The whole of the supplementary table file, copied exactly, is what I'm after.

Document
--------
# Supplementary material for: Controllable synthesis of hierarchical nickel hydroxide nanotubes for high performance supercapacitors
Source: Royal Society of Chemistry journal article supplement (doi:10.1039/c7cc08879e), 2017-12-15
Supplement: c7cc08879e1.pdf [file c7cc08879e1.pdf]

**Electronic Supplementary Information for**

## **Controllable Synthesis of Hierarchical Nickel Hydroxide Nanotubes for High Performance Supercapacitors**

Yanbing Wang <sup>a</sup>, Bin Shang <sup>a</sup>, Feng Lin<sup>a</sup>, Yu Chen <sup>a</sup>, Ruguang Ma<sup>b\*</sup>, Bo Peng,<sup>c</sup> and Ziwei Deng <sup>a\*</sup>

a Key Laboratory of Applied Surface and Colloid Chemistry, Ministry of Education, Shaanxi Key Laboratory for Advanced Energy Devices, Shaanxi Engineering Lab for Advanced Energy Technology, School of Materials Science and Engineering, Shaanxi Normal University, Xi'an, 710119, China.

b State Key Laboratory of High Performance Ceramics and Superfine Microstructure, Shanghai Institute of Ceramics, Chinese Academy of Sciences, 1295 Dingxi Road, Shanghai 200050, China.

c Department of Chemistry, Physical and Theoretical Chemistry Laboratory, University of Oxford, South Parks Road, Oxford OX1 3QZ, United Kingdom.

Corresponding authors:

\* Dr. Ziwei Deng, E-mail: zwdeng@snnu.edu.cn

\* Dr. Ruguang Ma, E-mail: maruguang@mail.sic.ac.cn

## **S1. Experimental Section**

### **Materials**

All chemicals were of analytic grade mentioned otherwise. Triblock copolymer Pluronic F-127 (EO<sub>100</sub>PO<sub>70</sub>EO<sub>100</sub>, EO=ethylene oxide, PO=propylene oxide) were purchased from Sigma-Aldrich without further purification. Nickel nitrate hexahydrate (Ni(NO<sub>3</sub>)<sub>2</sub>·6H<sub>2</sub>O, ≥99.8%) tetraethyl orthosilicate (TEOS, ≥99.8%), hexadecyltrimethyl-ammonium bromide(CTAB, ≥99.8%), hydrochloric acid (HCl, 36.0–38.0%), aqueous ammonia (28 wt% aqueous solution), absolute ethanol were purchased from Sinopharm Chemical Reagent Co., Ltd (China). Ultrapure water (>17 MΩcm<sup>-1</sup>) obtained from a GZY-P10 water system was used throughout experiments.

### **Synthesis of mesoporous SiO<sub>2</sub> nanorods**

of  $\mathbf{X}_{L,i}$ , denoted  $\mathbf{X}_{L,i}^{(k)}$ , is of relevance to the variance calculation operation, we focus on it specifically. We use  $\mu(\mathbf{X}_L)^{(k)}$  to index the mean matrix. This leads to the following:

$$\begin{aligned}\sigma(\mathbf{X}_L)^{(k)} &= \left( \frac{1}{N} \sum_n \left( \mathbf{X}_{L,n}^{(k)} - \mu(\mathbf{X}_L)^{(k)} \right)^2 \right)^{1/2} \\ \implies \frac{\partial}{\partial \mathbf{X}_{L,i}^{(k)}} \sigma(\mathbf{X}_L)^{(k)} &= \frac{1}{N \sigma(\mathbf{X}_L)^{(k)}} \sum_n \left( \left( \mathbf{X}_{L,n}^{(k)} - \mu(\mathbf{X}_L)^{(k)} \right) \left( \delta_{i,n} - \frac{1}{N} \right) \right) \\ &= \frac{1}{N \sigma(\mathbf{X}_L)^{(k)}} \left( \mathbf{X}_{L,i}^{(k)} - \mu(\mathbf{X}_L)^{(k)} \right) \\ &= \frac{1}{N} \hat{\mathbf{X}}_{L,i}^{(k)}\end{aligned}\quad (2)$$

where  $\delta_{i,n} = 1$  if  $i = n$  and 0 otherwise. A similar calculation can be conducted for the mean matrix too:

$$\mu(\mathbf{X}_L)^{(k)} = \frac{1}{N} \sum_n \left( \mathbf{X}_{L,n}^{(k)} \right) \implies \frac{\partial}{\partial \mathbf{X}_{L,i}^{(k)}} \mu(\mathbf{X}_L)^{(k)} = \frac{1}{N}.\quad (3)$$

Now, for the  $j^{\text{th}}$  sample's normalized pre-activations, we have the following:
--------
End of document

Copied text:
# Supplementary material for: Controllable synthesis of hierarchical nickel hydroxide nanotubes for high performance supercapacitors
Source: Royal Society of Chemistry journal article supplement (doi:10.1039/c7cc08879e), 2017-12-15
Supplement: c7cc08879e1.pdf [file c7cc08879e1.pdf]

**Electronic Supplementary Information for**

## **Controllable Synthesis of Hierarchical Nickel Hydroxide Nanotubes for High Performance Supercapacitors**

Yanbing Wang <sup>a</sup>, Bin Shang <sup>a</sup>, Feng Lin<sup>a</sup>, Yu Chen <sup>a</sup>, Ruguang Ma<sup>b\*</sup>, Bo Peng,<sup>c</sup> and Ziwei Deng <sup>a\*</sup>

a Key Laboratory of Applied Surface and Colloid Chemistry, Ministry of Education, Shaanxi Key Laboratory for Advanced Energy Devices, Shaanxi Engineering Lab for Advanced Energy Technology, School of Materials Science and Engineering, Shaanxi Normal University, Xi'an, 710119, China.

b State Key Laboratory of High Performance Ceramics and Superfine Microstructure, Shanghai Institute of Ceramics, Chinese Academy of Sciences, 1295 Dingxi Road, Shanghai 200050, China.

c Department of Chemistry, Physical and Theoretical Chemistry Laboratory, University of Oxford, South Parks Road, Oxford OX1 3QZ, United Kingdom.

Corresponding authors:

\* Dr. Ziwei Deng, E-mail: zwdeng@snnu.edu.cn

\* Dr. Ruguang Ma, E-mail: maruguang@mail.sic.ac.cn

## **S1. Experimental Section**

### **Materials**

All chemicals were of analytic grade mentioned otherwise. Triblock copolymer Pluronic F-127 (EO<sub>100</sub>PO<sub>70</sub>EO<sub>100</sub>, EO=ethylene oxide, PO=propylene oxide) were purchased from Sigma-Aldrich without further purification. Nickel nitrate hexahydrate (Ni(NO<sub>3</sub>)<sub>2</sub>·6H<sub>2</sub>O, ≥99.8%) tetraethyl orthosilicate (TEOS, ≥99.8%), hexadecyltrimethyl-ammonium bromide(CTAB, ≥99.8%), hydrochloric acid (HCl, 36.0–38.0%), aqueous ammonia (28 wt% aqueous solution), absolute ethanol were purchased from Sinopharm Chemical Reagent Co., Ltd (China). Ultrapure water (>17 MΩcm<sup>-1</sup>) obtained from a GZY-P10 water system was used throughout experiments.

### **Synthesis of mesoporous SiO<sub>2</sub> nanorods**

of  $\mathbf{X}_{L,i}$ , denoted  $\mathbf{X}_{L,i}^{(k)}$ , is of relevance to the variance calculation operation, we focus on it specifically. We use  $\mu(\mathbf{X}_L)^{(k)}$  to index the mean matrix. This leads to the following:

$$\begin{aligned}\sigma(\mathbf{X}_L)^{(k)} &= \left( \frac{1}{N} \sum_n \left( \mathbf{X}_{L,n}^{(k)} - \mu(\mathbf{X}_L)^{(k)} \right)^2 \right)^{1/2} \\ \implies \frac{\partial}{\partial \mathbf{X}_{L,i}^{(k)}} \sigma(\mathbf{X}_L)^{(k)} &= \frac{1}{N \sigma(\mathbf{X}_L)^{(k)}} \sum_n \left( \left( \mathbf{X}_{L,n}^{(k)} - \mu(\mathbf{X}_L)^{(k)} \right) \left( \delta_{i,n} - \frac{1}{N} \right) \right) \\ &= \frac{1}{N \sigma(\mathbf{X}_L)^{(k)}} \left( \mathbf{X}_{L,i}^{(k)} - \mu(\mathbf{X}_L)^{(k)} \right) \\ &= \frac{1}{N} \hat{\mathbf{X}}_{L,i}^{(k)}\end{aligned}\quad (2)$$

where  $\delta_{i,n} = 1$  if  $i = n$  and 0 otherwise. A similar calculation can be conducted for the mean matrix too:

$$\mu(\mathbf{X}_L)^{(k)} = \frac{1}{N} \sum_n \left( \mathbf{X}_{L,n}^{(k)} \right) \implies \frac{\partial}{\partial \mathbf{X}_{L,i}^{(k)}} \mu(\mathbf{X}_L)^{(k)} = \frac{1}{N}.\quad (3)$$

Now, for the  $j^{\text{th}}$  sample's normalized pre-activations, we have the following: